As tim wrote, it could help mitigating the effects of password reuse for users in a few cases, but if what you're thinking of is hashing it client side instead of on the server side, this would be a major design flaw. https://en.wikipedia.org/wiki/Pass_the_hash This problem plagues the NTLM authentication, where it's actually even worse than in the common ...


9

I'm assuming that you are talking about additional hashing. So it would look like this: Client --sha1(password)--> Server --bcrypt(sha1(password)--> Database I think you are aware of this, but just to make it explicit: the transfer needs to happen via SSL to defend against eavesdroppers, hashing client-side would be no help against them at all. ...


0

Supposing you had infinite time... Bitlocker by default uses AES-CBC-128, so you could stage a crib attack (aka "known plaintext attack") against some sector containing well known data. NTFS should have several of those. You would need to look for efficiently implemented GPU or ASIC crackers in order to delay as much as possible the heat death of the ...


1

Well you have to brute-force the 48 character recovery key (https://blogs.msdn.microsoft.com/si_team/2006/08/10/bitlocker-recovery-password-details/) As I remember it visually shown when 6 character sub-key is successfully entered so I guess it is possible but if there are tools available I'm unaware of. Good luck


2

When based on a standard, especially those as stringent as FIPS 140-2, you have to go through the following processes (which are time consuming and expensive): Design Testing Certification If you take a look at the NIST Implementation Guide for FIPS PUB 140-2, along with the other documents, you can search for the Level 4 implementation which detail that ...


0

Use a key derivation function (e.g. PBKDF2) to create an encryption key for a cipher (e.g. AES) used to encrypt your password file. It provides protection against brute force attacks (admittedly PBKDF2 isn't the best KDF, but it's widely available). BUT beware of things like the data finding it's way into the page file or in a temp file somewhere.


0

Relying all your security in a single file is dangerous. The file can be easily decrypted even if you use strong passwords. The reason is because the amount of attacks that can be done per second is incredibly high (more if you consider that a copy of the file can be attacked by multiple computers at the same time). As Alexander pointed out, there is ...


4

To add to the excellent answers already here, I'll focus on this point: If I want to securely speak with a mate on the Internet with a program I made specially for this, which only we have. This is problem #1. Somebody else could acquire a copy of your program. Even worse, do it without your knowledge. This is why in cryptography there's a ...


4

Is that a bad method? Yes, this method is bad for many reasons. First, it does not really gain you anything. If you are already using RSA then using your own on top of that does not gain you anything. If you are not using RSA or another publicly accepted encryption ... then rolling your own is a terrible idea. can this be easily encrypted by spying on ...


3

Even though an answer is already accepted, I'm going to add another because I actually believe the exact opposite of the accepted answer. Basically, you are rolling your own obfuscation, and then using RSA encryption on top of that. Is that a bad method? No, but it's pointless. Strong RSA encryption is sufficient without your additional obfuscation. Can ...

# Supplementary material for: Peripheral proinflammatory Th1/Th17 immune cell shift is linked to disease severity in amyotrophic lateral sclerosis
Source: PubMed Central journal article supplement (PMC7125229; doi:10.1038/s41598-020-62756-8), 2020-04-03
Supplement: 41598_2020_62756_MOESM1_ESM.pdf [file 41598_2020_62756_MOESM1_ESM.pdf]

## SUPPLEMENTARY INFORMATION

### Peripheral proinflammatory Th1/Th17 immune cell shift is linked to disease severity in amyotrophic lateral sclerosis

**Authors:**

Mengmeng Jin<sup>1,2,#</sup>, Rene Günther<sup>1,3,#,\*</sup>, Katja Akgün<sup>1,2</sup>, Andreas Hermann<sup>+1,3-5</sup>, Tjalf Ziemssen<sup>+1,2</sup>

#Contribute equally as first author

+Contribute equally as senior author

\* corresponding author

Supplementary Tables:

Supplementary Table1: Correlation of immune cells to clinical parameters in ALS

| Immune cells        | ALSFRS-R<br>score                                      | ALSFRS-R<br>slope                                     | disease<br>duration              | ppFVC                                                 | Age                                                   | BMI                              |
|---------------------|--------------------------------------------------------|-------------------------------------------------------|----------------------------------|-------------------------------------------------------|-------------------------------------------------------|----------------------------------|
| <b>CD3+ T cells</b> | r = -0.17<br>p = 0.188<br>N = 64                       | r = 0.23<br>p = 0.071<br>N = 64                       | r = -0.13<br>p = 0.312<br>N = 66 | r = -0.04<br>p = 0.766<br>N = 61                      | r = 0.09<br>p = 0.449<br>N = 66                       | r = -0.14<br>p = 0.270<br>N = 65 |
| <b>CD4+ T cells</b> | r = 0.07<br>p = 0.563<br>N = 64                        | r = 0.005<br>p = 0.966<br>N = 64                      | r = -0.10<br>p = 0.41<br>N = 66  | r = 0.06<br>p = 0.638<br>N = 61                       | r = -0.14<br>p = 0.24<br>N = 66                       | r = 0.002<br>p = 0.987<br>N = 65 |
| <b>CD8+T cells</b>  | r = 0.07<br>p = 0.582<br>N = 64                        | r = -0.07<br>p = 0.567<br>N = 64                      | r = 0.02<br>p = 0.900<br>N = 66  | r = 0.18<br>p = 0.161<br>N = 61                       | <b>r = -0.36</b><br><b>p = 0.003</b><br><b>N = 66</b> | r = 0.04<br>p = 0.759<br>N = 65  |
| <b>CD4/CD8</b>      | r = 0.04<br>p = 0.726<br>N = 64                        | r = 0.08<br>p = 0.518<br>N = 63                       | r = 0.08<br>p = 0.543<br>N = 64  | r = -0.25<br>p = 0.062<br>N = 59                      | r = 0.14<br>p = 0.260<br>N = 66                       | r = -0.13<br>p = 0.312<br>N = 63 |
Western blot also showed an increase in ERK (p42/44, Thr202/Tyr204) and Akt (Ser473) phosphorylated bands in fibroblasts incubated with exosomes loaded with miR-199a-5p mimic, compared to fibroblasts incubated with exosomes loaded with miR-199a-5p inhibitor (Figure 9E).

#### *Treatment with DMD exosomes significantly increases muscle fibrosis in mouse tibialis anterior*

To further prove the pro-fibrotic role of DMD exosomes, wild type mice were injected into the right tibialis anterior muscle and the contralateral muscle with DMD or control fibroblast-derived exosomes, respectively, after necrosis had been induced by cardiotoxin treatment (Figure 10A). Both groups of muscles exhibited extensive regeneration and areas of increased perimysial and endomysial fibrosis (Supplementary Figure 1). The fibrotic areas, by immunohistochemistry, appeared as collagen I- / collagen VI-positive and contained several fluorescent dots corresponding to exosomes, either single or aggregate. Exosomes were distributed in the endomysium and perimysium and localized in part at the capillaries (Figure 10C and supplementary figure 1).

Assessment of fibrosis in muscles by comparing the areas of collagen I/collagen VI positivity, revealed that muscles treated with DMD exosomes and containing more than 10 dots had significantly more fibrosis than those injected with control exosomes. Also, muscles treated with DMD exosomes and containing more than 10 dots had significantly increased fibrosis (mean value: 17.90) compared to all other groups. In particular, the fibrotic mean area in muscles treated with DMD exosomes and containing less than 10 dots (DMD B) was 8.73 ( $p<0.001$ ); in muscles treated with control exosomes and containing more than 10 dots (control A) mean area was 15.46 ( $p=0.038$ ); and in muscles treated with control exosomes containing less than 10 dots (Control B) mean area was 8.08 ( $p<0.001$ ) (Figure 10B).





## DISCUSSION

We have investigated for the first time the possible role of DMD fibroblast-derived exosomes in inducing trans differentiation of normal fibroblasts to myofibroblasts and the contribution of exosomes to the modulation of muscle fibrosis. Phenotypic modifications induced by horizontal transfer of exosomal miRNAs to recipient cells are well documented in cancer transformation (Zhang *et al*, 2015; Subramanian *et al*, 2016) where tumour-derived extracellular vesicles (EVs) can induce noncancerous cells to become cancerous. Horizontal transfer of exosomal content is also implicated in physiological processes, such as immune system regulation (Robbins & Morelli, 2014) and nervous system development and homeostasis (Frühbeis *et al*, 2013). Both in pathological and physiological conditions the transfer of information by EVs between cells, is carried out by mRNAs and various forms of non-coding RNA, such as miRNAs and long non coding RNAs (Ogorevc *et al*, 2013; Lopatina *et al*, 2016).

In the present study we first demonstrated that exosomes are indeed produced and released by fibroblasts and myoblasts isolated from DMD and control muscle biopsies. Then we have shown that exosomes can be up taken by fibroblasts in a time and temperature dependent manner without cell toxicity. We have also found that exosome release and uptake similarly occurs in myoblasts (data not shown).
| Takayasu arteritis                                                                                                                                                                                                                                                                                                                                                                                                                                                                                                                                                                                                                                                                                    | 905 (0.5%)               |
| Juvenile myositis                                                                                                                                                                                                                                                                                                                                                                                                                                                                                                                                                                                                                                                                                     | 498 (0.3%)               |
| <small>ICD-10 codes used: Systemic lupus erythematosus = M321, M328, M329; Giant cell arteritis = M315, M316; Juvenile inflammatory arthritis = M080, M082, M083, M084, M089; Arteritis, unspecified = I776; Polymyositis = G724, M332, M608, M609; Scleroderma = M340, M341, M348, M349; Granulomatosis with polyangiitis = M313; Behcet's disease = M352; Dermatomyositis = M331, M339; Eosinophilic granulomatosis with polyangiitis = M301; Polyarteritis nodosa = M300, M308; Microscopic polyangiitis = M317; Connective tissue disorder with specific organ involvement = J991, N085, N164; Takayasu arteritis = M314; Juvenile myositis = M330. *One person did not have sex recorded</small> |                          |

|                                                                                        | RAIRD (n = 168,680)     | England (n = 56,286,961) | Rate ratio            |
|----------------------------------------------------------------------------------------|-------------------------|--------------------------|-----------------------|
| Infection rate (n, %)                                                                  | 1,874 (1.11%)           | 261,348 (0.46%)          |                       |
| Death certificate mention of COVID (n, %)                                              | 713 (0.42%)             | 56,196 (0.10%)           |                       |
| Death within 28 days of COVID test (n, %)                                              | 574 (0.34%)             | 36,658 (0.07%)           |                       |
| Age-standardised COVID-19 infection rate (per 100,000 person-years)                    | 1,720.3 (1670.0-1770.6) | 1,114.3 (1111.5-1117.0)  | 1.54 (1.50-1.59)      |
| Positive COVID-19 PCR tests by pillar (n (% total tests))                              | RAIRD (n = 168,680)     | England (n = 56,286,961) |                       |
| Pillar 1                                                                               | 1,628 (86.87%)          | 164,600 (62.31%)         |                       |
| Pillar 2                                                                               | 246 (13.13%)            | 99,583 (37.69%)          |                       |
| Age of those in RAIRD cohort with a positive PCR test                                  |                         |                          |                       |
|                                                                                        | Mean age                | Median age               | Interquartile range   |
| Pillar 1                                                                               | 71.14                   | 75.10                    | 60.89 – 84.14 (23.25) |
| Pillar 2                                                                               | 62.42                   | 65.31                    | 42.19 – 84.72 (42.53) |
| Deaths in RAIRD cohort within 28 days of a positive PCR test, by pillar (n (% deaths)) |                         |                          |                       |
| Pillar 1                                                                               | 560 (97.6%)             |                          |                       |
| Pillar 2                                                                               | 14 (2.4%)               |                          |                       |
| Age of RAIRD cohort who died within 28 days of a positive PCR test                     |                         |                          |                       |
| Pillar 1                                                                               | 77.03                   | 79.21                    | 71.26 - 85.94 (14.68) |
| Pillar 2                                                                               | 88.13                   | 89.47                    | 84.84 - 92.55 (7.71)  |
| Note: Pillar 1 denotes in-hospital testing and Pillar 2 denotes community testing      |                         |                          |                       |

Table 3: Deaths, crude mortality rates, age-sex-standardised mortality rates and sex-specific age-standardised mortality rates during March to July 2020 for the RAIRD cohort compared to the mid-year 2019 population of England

11

Is that a bad method? YES. Can this be easily decrypted by spying on the data? YES. How? Standard cryptographic analysis as been done in wars like WW2 and before. Essentially what you got is a variation on the Caesar cipher. Simple statistical analysis will quickly identify your 'letters'. and as soon as that is done, its only a matter of getting ...


6

The IV is a random non-secret value. Its sole purpose is to prevent two similar blocks from yielding the same ciphertext as it could give information away about the structure of the plain text. In general you just generate the IV randomly and concatenate it to the ciphertext. The IV must be of the same length as the block for AES-CBC, which is 128 bits. You ...


2

Yes, this can be broken, but no, I'm not going to do it. Your friend's system is based on the principles of Hebern rotors. Such schemes were first broken in the 1920s. The most famous break of these was the Bombe, used to crack the German Enigma codes in WW II. The Enigma was a three-rotor system and looks quite similar to this algorithm, the principle ...


2

The plain text of first ciphertext is: Encryption is the most effective way to achieve data security. To read an encrypted file, you must have access to a secret key or password that enables you to decrypt it. Unencrypted data is called plain text ; encrypted data is referred to as cipher text. I was able to break this with a simple brute force because ...


3

You should not deploy your own encryption scheme for this, neither share symetric keys with multiple parties. To protect data on transit between each client and the server, you should use TLS to protect those connections. TLS will take care of symetric key agreement and encryption decryption to each client the right way, avoiding many many things you are ...


-1

This thing should be simple. First you need a crypto library like openssl. If there is a registration phase, you could have the clients generate a pair of private/public keys, (DH or RSA, using openssl) then announce the public part on the server, also called client certificate. And that's it. On every new client-server connection, a symmetric key ...


0